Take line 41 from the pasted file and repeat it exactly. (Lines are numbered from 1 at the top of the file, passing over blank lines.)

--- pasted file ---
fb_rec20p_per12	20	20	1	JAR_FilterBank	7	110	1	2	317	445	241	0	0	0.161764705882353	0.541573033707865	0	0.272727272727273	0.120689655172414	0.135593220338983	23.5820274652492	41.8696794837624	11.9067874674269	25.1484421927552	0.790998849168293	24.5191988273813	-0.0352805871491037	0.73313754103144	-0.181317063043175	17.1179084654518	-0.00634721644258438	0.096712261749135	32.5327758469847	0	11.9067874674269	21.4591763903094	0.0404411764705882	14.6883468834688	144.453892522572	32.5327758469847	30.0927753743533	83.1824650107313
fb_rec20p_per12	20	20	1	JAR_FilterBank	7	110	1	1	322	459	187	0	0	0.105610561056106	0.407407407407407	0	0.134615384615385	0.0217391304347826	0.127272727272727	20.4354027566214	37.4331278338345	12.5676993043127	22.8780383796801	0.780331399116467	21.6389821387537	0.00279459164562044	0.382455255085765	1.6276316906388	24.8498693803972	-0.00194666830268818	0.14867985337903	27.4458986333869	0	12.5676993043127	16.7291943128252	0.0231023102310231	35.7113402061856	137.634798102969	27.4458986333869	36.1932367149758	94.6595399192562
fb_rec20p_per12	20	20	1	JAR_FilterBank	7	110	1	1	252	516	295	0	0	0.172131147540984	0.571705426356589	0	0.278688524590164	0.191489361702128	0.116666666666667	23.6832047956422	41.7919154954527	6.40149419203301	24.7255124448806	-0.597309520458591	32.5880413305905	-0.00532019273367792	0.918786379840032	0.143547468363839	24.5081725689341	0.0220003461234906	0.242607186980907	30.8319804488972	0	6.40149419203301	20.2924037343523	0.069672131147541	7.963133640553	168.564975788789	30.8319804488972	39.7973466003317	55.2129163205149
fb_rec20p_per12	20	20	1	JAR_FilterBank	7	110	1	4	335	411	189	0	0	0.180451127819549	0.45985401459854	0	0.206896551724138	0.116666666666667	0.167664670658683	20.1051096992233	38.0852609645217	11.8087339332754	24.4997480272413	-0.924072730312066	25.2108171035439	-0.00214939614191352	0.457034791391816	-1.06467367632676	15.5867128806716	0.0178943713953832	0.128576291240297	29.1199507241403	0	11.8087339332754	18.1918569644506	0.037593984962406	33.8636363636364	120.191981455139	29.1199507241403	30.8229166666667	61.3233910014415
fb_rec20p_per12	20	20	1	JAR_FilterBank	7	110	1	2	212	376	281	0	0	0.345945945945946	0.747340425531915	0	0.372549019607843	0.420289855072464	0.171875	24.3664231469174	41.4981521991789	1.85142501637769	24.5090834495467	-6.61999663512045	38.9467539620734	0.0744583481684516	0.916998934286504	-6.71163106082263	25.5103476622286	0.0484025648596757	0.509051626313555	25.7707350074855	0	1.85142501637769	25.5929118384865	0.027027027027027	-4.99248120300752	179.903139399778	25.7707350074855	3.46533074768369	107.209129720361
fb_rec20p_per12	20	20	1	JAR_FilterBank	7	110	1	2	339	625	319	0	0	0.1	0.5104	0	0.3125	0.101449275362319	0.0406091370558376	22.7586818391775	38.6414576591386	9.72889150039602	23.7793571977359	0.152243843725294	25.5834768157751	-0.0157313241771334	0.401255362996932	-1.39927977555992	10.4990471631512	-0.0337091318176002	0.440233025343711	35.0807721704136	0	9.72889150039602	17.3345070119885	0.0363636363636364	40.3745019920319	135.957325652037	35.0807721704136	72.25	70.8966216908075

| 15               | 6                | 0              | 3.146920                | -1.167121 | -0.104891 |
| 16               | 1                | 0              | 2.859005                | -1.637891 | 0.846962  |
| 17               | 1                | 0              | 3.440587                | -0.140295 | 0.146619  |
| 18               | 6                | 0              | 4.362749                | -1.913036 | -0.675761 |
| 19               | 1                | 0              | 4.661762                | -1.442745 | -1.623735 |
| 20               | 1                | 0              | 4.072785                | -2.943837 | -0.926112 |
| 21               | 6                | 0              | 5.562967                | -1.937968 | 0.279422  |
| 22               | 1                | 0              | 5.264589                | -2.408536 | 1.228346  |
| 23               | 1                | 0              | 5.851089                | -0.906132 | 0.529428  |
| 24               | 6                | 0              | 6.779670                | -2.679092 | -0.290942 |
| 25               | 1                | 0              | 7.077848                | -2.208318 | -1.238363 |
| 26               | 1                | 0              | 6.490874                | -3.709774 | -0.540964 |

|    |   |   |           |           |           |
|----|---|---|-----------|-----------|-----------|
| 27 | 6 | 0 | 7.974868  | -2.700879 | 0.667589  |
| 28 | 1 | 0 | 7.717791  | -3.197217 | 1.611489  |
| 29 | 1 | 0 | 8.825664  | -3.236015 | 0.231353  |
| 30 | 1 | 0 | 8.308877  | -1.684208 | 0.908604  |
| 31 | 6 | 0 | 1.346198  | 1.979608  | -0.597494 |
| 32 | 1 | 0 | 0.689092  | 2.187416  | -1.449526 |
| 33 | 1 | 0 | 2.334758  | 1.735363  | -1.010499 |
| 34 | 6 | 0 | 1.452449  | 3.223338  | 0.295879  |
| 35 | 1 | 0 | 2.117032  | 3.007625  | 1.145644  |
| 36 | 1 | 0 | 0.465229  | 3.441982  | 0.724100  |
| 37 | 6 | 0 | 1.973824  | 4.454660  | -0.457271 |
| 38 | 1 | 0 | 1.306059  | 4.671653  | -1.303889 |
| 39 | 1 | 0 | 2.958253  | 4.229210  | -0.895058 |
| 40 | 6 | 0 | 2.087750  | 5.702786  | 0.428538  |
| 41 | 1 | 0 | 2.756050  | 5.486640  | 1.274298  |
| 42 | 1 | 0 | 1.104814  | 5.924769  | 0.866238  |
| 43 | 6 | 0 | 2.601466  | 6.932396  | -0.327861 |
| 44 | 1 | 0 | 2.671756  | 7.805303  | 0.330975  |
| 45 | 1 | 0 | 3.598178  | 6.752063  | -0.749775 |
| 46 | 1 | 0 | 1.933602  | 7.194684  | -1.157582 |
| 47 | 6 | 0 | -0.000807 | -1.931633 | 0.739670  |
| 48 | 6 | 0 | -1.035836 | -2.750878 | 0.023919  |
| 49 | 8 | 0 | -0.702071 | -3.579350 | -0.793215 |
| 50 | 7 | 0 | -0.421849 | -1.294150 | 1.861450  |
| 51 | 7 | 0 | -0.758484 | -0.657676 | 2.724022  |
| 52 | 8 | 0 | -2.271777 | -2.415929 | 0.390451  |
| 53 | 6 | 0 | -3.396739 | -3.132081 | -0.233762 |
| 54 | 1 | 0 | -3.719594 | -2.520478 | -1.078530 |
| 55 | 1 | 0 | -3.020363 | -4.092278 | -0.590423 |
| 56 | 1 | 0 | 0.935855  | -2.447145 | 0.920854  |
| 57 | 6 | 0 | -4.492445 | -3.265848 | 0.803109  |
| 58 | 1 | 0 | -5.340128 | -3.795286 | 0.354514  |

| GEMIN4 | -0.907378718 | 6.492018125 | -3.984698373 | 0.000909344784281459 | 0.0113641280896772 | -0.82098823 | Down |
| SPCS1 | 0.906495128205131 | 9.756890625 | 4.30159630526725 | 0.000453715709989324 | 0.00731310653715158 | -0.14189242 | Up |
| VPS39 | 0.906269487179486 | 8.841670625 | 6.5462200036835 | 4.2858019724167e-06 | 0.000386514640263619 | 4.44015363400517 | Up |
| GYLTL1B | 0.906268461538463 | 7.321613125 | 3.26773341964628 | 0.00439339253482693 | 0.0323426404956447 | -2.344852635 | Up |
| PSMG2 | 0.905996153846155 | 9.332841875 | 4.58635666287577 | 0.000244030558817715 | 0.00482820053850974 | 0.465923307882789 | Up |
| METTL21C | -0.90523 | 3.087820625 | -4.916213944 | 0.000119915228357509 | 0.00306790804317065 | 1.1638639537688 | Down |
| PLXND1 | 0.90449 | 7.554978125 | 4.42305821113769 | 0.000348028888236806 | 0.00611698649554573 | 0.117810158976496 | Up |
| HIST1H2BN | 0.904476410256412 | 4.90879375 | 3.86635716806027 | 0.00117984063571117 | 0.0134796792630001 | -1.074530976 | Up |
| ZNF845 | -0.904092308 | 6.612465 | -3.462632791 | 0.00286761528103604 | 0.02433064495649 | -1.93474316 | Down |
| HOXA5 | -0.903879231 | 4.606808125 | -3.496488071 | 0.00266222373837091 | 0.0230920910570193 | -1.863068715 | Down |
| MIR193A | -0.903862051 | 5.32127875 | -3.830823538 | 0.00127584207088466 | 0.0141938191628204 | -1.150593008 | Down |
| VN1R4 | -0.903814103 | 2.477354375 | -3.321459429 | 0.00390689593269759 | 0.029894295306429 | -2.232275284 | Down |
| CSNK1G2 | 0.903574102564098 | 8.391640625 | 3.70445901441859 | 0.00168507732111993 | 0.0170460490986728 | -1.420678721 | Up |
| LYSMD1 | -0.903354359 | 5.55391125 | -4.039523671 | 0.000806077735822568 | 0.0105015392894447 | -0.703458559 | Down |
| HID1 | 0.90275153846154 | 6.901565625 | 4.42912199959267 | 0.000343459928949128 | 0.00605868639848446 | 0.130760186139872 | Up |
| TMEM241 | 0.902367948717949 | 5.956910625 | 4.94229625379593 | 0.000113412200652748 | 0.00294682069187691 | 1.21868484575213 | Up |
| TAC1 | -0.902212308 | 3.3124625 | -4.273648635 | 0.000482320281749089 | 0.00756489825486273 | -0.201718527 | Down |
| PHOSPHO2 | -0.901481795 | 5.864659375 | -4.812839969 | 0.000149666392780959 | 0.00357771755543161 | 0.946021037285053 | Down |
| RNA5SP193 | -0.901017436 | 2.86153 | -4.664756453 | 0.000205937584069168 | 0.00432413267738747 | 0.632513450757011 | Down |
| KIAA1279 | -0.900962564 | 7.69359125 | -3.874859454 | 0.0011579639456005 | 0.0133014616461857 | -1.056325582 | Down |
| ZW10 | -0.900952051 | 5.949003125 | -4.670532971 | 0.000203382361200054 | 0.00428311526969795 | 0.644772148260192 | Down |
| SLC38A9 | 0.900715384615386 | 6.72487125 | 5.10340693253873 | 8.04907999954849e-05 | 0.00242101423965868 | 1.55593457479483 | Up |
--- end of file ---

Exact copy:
| 47 | 6 | 0 | -0.000807 | -1.931633 | 0.739670  |